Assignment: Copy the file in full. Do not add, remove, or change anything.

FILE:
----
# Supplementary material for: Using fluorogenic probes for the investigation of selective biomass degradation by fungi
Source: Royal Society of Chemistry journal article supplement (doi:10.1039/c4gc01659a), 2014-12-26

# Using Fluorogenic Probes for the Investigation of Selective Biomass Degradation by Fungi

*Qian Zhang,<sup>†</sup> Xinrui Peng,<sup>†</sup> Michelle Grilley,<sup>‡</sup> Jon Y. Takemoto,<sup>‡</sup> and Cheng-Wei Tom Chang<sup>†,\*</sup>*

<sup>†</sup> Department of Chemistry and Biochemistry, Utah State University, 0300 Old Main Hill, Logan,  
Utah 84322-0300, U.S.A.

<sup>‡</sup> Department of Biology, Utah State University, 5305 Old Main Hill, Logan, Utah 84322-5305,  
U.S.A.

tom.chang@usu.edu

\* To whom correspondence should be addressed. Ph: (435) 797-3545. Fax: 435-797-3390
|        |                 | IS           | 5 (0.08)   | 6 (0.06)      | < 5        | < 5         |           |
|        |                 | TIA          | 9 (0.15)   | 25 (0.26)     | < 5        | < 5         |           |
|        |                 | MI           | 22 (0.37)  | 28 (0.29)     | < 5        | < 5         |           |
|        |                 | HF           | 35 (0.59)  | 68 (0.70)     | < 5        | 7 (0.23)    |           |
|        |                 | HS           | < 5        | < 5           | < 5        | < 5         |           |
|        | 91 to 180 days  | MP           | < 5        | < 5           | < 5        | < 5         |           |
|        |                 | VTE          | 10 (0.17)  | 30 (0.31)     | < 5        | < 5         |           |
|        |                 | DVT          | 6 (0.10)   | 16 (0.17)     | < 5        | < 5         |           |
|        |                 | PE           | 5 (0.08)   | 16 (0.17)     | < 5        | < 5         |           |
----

# Supplementary material for: Using fluorogenic probes for the investigation of selective biomass degradation by fungi
Source: Royal Society of Chemistry journal article supplement (doi:10.1039/c4gc01659a), 2014-12-26

# Using Fluorogenic Probes for the Investigation of Selective Biomass Degradation by Fungi

*Qian Zhang,<sup>†</sup> Xinrui Peng,<sup>†</sup> Michelle Grilley,<sup>‡</sup> Jon Y. Takemoto,<sup>‡</sup> and Cheng-Wei Tom Chang<sup>†,\*</sup>*

<sup>†</sup> Department of Chemistry and Biochemistry, Utah State University, 0300 Old Main Hill, Logan,  
Utah 84322-0300, U.S.A.

<sup>‡</sup> Department of Biology, Utah State University, 5305 Old Main Hill, Logan, Utah 84322-5305,  
U.S.A.

tom.chang@usu.edu

\* To whom correspondence should be addressed. Ph: (435) 797-3545. Fax: 435-797-3390
|        |                 | IS           | 5 (0.08)   | 6 (0.06)      | < 5        | < 5         |           |
|        |                 | TIA          | 9 (0.15)   | 25 (0.26)     | < 5        | < 5         |           |
|        |                 | MI           | 22 (0.37)  | 28 (0.29)     | < 5        | < 5         |           |
|        |                 | HF           | 35 (0.59)  | 68 (0.70)     | < 5        | 7 (0.23)    |           |
|        |                 | HS           | < 5        | < 5           | < 5        | < 5         |           |
|        | 91 to 180 days  | MP           | < 5        | < 5           | < 5        | < 5         |           |
|        |                 | VTE          | 10 (0.17)  | 30 (0.31)     | < 5        | < 5         |           |
|        |                 | DVT          | 6 (0.10)   | 16 (0.17)     | < 5        | < 5         |           |
|        |                 | PE           | 5 (0.08)   | 16 (0.17)     | < 5        | < 5         |           |